Ex-pastor found guilty of manslaughter in death of pregnant wife
TORONTO — A former Toronto pastor accused of secretly sedating his pregnant wife before she drowned has been found guilty of manslaughter.
Jurors convicted Philip Grandine today after beginning deliberations yesterday.
Prosecutors alleged Grandine drugged his wife with the anti-anxiety medication lorazepam, better known as Ativan, so she wouldn’t be as vigilant while he continued an affair with her friend.
The Crown alleged he then did not prevent Anna Karissa Grandine from getting in a bath in her incapacitated state one night in October 2011.
Anna Grandine was 20 weeks pregnant when she drowned in the tub. Tests later revealed she had lorazepam in her blood despite never being prescribed the drug.
Defence lawyers had argued Anna Grandine took the medication herself and either slipped in the tub, hitting her head and drowning, or took her own life.
In her instructions to the jury, Superior Court Justice Faye McWatt said that in order to return a guilty verdict, jurors must find Philip Grandine’s actions contributed to his wife’s death, even if they were not the only or the main cause.
McWatt said Grandine could be found guilty of manslaughter if the jury believes he either administered the Ativan — a controlled substance under law — to his wife or provided it to her. Both could be considered criminal acts: administering a noxious substance or trafficking a controlled substance, respectively, she said.
Jurors could also find him guilty if they find he committed criminal negligence by failing to protect Anna Grandine from harm knowing she was under the influence of the medication, the judge said.
Prosecutors said Philip Grandine had access to Ativan through his job as a nurse manager at a seniors’ home in Toronto. They also pointed to searches on the couple’s shared computer on how to acquire the drug and what would be considered a fatal dose.
The Crown alleged Grandine was behind the searches, noting some occurred roughly at the same time as searches for escorts and other sex-related topics. Prosecutors also said lorazepam was not one that should be used by pregnant women and Anna Grandine was conscientious about the health of her baby.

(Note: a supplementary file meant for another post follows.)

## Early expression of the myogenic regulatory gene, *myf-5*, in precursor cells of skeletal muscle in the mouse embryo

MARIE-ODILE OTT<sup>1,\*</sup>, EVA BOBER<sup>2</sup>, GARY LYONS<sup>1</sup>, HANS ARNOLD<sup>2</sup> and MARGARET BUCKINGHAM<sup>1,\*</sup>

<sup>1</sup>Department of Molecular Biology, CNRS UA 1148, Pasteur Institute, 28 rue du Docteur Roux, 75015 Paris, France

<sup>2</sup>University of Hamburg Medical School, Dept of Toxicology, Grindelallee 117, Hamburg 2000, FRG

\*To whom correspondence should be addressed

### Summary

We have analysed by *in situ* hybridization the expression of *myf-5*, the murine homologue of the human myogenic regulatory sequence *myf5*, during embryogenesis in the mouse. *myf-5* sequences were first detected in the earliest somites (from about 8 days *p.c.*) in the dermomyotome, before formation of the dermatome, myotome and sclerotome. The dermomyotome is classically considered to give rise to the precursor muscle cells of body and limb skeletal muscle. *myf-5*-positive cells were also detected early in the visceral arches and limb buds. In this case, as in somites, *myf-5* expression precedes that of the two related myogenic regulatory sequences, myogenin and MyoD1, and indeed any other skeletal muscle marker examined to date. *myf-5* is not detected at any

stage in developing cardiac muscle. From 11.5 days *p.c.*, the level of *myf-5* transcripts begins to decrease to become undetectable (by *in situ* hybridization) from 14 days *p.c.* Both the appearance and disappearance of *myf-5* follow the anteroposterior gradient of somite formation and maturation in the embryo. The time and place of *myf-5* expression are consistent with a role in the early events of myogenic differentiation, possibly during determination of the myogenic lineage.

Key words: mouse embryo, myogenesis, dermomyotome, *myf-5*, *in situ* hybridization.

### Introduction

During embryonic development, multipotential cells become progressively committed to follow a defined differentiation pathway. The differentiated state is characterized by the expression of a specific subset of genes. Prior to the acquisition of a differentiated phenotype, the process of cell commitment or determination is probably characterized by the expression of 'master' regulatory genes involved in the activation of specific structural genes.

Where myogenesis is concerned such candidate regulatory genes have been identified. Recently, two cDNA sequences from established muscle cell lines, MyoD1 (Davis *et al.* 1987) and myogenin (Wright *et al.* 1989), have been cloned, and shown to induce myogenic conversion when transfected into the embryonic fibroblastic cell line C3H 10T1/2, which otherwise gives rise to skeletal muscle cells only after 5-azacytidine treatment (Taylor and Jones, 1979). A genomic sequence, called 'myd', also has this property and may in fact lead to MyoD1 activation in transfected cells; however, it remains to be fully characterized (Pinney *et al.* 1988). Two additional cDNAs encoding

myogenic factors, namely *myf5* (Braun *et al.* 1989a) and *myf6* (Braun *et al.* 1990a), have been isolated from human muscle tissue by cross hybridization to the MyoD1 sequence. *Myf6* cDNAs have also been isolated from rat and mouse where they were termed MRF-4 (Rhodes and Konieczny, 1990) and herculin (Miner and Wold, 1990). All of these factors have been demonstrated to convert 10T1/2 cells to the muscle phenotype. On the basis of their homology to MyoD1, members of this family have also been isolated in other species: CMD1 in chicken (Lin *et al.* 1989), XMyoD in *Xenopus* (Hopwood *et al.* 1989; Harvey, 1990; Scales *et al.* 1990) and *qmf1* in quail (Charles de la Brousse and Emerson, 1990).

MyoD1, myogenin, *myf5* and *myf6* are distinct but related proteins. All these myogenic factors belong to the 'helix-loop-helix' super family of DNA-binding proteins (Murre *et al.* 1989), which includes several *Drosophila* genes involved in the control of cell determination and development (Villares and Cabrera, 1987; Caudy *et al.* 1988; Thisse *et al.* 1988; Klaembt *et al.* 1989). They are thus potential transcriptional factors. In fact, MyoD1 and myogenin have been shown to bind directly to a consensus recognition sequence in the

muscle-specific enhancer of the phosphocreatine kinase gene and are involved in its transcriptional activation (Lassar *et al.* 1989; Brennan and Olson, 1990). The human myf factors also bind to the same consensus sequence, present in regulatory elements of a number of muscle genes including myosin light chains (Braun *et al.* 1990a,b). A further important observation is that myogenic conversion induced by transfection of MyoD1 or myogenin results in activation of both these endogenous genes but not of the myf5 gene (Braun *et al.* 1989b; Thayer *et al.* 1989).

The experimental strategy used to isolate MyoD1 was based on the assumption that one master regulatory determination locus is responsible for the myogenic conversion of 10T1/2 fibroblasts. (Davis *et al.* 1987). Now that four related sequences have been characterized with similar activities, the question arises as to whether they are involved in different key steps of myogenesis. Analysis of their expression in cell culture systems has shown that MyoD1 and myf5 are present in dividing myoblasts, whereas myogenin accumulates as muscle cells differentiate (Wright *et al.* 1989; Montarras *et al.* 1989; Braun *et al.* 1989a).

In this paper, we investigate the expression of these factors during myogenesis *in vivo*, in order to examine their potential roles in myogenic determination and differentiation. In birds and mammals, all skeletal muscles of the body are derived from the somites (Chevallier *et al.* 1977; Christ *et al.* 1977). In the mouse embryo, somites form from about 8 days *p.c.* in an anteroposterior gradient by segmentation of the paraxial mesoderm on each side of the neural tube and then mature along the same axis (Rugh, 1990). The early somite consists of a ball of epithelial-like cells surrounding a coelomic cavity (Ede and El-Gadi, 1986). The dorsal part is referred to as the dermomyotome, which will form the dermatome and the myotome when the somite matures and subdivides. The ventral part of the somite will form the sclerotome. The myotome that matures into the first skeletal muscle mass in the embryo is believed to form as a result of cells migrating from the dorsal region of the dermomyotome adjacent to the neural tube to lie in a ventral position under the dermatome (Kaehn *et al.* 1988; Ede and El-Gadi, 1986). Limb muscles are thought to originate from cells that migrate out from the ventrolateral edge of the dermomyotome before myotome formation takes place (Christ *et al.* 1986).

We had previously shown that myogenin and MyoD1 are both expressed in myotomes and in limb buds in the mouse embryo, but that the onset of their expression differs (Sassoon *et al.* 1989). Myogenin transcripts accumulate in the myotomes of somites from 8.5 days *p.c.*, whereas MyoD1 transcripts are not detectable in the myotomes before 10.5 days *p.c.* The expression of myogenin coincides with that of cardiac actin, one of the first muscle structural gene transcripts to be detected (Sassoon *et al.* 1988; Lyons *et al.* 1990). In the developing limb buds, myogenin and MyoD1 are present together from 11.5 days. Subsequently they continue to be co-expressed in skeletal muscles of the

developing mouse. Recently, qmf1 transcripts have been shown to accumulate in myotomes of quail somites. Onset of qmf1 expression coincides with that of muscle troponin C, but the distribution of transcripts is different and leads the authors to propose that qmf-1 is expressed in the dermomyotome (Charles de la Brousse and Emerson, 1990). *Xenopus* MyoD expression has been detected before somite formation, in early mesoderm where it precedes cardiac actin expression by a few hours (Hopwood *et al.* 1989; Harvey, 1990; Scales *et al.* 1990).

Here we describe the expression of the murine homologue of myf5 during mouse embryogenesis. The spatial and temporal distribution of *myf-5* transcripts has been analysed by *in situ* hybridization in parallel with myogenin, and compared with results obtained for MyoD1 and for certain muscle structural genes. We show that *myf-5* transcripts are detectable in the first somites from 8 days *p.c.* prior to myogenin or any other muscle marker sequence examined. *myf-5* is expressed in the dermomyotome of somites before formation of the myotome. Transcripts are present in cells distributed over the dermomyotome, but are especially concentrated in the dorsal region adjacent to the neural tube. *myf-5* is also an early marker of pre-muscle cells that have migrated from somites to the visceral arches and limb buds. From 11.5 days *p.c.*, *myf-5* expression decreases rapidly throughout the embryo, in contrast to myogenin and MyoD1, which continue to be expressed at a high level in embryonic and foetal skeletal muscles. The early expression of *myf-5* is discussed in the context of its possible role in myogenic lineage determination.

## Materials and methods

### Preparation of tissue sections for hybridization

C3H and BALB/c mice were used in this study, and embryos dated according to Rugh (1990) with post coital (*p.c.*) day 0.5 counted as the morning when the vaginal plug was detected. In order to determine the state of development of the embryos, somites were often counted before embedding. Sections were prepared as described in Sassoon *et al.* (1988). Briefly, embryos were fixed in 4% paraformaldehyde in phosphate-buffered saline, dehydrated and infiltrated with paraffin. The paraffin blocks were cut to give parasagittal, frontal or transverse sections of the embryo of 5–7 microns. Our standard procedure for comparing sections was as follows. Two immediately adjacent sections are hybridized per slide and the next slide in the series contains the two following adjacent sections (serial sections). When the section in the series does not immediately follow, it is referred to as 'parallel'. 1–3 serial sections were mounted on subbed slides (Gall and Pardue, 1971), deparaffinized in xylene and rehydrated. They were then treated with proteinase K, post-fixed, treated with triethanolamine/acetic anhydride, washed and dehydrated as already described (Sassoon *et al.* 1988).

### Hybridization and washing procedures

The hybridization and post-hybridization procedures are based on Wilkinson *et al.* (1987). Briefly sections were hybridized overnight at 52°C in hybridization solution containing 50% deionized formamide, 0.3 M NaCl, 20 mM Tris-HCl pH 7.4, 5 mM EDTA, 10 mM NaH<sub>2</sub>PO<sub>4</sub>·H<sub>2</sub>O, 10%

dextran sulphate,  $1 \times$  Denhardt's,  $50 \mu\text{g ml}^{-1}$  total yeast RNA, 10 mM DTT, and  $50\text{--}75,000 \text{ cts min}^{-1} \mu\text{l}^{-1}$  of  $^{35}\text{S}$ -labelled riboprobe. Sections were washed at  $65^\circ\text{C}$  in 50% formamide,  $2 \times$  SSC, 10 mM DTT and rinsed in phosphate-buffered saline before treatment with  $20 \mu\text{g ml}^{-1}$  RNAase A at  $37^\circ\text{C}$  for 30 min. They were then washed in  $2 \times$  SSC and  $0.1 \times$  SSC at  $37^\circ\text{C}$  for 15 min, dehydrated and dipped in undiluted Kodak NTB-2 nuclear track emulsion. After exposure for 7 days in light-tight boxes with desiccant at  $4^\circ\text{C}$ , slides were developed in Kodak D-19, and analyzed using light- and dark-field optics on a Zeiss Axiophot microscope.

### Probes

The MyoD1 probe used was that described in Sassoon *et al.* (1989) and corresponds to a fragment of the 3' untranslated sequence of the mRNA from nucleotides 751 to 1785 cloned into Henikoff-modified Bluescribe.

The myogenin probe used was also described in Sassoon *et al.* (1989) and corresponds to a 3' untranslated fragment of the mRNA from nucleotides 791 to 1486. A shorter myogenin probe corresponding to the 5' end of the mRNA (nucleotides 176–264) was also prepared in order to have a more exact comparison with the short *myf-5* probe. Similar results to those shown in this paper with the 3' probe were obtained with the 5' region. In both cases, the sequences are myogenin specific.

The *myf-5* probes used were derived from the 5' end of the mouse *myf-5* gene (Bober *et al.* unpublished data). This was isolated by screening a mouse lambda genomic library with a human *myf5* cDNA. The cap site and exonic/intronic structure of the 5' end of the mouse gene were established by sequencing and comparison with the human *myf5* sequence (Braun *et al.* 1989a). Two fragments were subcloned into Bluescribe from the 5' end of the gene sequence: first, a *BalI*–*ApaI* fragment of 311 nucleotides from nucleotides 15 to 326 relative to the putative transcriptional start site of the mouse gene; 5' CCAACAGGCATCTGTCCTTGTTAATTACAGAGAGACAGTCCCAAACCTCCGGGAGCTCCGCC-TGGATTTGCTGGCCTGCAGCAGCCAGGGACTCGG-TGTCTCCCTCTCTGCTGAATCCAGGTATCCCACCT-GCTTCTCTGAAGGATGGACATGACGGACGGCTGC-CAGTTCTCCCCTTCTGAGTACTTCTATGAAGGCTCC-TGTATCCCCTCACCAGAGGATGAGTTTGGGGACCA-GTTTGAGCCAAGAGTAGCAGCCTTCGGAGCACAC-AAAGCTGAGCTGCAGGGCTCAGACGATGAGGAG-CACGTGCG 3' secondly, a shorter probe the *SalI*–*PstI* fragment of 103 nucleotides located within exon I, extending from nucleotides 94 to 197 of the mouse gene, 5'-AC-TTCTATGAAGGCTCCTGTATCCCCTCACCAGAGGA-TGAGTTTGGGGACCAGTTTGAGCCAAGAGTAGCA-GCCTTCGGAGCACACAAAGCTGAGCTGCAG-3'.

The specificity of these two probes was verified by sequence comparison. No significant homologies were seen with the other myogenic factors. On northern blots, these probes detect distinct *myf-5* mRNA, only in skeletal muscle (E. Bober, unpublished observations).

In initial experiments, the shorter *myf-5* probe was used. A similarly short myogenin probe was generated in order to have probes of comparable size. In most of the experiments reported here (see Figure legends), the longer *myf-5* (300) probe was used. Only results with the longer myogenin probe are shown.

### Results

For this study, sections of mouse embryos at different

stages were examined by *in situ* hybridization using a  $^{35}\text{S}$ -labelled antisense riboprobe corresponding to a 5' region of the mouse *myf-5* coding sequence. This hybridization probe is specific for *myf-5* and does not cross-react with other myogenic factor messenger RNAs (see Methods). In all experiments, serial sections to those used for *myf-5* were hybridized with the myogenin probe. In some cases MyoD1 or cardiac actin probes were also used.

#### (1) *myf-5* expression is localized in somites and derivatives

The defence argued it was Anna Grandine who looked up lorazepam, suggesting she sought to self-medicate in light of the recent upheaval in her life.
Court heard Philip Grandine stepped down as pastor after it came to light that he was having an affair with a parishioner, who was also his wife’s friend. The congregation, to which Anna Grandine belonged, was also told of the affair, court heard.
Another pastor agreed to give them marriage counselling if Philip Grandine stopped cheating and gave up pornography, conditions the couple accepted, court heard.
But Grandine quickly resumed the affair and over time, his wife became suspicious, even challenging him on the issue in an early October counselling session, court heard.
Then, in mid-October, Anna Grandine suddenly experienced dizziness, fatigue and other symptoms, prompting her husband to take her to hospital, court heard. Her sister said Anna Grandine was afraid; her mother testified the 29-year-old asked her husband if he had given her a pill, which he denied.
Three days later, Anna Grandine drowned in the bathtub. Court heard toxicology tests detected Ativan in her system and then checked the samples taken during her hospital visit, where they also found the drug.
An autopsy also found she had a bump on her head that would have occurred around the time of her death, though it alone would not have been fatal, court heard.
Grandine told police he was out for a run and returned to find his wife unresponsive in the bathtub, court heard.
Grandine had previously been tried for first-degree murder in his wife’s death and found guilty of manslaughter. He was sentenced to 15 years in prison.
The conviction was overturned on appeal after Ontario’s highest court found the trial judge had made an error in answering a question from the jury. A new trial was ordered on the manslaughter charge, which meant prosecutors could no longer argue Grandine intended to kill his wife.
Paola Loriggio , The Canadian Press